Hypoglycemia is a syndrome that
occurs primarily in toy breeds between 6 and 12 weeks of age. A hypoglycemic
attack is often precipitated by stress. The typical signs are listlessness,
depression, staggering gait, muscular weakness, and tremors-especially of the
face. Puppies with a severe drop in blood sugar develop seizures or become stuporous
and go into a coma. Death can follow. This particular sequence of symptoms is
not always seen. though. For example, some puppies exhibit only weakness or a
wobbly gait. Occasionally a puppy who seemed just fine is found in coma.
Episodes of hypoglycemia often occur without warning-for example, when a
puppy is stressed by shipping. Other common causes of acute hypoglycemia are
missing a meal, chilling, becoming exhausted from too much play, or having an
upset stomach. These events place an added strain on the energy reserves of the
These are anti-inflammatory medications, but they do not repair or heal
cartilage. Ideally, they would be used along with supplements and given with
food. These do provide rapid relief from pain.
A few NSAIDs have chondroprotective
characteristics, which means they protect against the breakdown of cartilage.
Others, such as aspirin, actually destroy cartilage in the dosage required for
pain relief. This is one reason why aspirin is used less frequently for
Hypoglycemia can occur in adult hunting dogs
as a consequence of sustained exercise and depletion of liver glycogen. It is
important to feed these dogs before hunting and to increase the protein content
of their diets. Hypoglycemia in diabetic dogs is caused by insulin overdose. Unexplained
hypoglycemia that occurs in older dogs is likely to be caused by an
insulin-secreting tumor of the pancreas.
Prolonged or repeated hypoglycemic attacks in toy breed puppies can cause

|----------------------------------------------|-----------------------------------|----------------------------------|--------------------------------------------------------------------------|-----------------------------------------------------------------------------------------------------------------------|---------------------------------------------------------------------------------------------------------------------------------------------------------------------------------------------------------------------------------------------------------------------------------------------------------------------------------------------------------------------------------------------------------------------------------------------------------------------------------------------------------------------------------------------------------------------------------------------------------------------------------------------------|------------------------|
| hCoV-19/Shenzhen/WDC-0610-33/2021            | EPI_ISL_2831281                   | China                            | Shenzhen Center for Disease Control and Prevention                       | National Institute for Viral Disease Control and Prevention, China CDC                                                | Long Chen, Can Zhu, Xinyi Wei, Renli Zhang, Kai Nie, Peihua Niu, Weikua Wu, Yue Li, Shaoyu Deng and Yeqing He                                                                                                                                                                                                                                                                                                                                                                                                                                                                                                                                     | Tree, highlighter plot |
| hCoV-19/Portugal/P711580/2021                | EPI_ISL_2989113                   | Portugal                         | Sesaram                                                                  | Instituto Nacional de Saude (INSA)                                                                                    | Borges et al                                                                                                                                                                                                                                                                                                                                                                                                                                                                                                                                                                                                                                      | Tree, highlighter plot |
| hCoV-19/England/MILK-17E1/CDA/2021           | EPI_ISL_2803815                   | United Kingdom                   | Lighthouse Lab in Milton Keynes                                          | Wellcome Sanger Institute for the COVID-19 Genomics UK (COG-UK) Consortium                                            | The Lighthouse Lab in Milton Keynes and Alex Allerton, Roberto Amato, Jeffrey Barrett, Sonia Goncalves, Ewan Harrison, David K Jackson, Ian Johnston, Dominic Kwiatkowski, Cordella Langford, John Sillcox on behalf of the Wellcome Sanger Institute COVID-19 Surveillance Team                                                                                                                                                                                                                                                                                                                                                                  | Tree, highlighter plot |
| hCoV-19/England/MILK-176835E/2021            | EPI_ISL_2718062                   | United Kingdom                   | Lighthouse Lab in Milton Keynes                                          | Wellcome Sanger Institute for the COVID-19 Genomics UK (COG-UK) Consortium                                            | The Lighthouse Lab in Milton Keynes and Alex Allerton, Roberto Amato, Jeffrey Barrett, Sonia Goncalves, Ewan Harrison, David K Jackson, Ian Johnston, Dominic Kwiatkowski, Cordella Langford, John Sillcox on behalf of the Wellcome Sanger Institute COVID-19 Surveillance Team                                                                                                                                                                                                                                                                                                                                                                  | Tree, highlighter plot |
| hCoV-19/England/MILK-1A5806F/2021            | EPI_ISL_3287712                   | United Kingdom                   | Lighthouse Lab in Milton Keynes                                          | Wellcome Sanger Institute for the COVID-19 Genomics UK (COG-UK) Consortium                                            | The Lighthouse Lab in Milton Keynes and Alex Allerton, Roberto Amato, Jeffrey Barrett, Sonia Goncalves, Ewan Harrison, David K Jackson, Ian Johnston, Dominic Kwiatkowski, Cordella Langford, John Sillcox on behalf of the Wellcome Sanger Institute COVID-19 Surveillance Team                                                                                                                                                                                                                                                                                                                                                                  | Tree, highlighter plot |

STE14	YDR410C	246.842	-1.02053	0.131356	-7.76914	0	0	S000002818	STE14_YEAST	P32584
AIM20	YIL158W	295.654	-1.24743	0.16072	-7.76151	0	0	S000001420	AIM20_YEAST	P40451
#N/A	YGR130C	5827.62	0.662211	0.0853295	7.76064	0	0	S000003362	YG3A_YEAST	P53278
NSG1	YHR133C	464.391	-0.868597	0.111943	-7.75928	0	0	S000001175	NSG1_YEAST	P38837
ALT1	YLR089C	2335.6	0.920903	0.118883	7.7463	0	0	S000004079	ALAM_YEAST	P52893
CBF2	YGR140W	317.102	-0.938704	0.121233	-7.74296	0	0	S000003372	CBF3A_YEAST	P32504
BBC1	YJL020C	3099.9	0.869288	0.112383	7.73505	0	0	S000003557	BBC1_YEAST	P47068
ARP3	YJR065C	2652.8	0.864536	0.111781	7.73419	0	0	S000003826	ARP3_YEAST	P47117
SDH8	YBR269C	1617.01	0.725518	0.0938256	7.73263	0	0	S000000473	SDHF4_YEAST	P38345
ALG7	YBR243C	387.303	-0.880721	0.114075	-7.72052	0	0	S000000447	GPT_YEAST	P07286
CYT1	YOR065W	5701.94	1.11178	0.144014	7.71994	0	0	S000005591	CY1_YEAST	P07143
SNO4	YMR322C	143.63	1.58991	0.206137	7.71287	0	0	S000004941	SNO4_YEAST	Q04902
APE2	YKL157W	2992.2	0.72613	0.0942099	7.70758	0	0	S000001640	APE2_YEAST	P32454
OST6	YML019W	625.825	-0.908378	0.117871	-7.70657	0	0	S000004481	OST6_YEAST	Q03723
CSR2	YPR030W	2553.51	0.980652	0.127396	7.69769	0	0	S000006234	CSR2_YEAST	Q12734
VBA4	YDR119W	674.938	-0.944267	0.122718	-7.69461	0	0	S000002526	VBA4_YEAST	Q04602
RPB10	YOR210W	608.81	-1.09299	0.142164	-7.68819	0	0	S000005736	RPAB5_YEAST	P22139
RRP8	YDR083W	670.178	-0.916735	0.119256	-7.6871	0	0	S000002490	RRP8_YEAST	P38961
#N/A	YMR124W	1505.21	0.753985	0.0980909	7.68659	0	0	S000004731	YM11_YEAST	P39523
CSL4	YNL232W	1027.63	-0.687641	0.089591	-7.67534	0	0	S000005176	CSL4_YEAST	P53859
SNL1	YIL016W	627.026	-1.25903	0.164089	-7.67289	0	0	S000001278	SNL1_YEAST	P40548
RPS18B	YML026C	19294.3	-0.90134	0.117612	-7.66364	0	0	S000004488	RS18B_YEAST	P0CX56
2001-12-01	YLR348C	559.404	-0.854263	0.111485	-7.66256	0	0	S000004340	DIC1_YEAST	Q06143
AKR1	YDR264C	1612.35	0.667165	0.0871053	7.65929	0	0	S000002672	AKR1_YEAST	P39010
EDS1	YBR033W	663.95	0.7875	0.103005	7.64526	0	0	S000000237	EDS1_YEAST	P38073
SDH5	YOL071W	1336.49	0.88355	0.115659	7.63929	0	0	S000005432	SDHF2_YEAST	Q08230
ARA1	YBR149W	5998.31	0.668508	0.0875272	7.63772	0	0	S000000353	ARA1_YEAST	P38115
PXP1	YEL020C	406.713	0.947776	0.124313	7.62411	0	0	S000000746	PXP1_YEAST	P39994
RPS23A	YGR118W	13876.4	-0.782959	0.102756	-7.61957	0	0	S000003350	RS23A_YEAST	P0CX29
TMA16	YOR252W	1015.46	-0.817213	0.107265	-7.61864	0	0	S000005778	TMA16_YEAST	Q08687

brain damage. Puppies with frequent attacks should undergo veterinary testing
to rule out an underlying problem, such as liver shunt, infection, or an enzyme
or hormone deficiency.
Treatment: The treatment of an acute attack is aimed at restoring the blood
sugar. Begin immediately. If the puppy is awake and able to swallow, give corn
syrup or sugar water by syringe, or rub corn syrup, honey, or glucose paste on the gums. You should see improvement in 30 minutes. If not,
call your veterinarian.
If the pup is unconscious, do not give an oral solution because it will be
inhaled. Rub corn syrup, honey, or glucose paste on the gums and proceed at
once to your veterinarian. This puppy will require an intravenous dextrose
solution and may need to be treated for brain swelling.
Oral glucose paste is sold at pharmacies. If you know your dog is subject to
hypoglycemic attacks, keep this product on hand.
Prevention: Susceptible puppies should be fed at least four times a day. It
is important to feed a high-carbohydrate, high-protein, high-fat diet. It is
essential that the diet be high quality. Your veterinarian can recommend an
appropriate premium food.
Food supplements and table scraps should not exceed 5 to 10 percent of the
total daily ration. Owners of toy puppies should take precautions to see that
they do not become excessively tired or chilled. Many (but not all) puppies
outgrow this problem.
WebMD Veterinary Reference from "Dog Owner's Home Veterinary Handbook"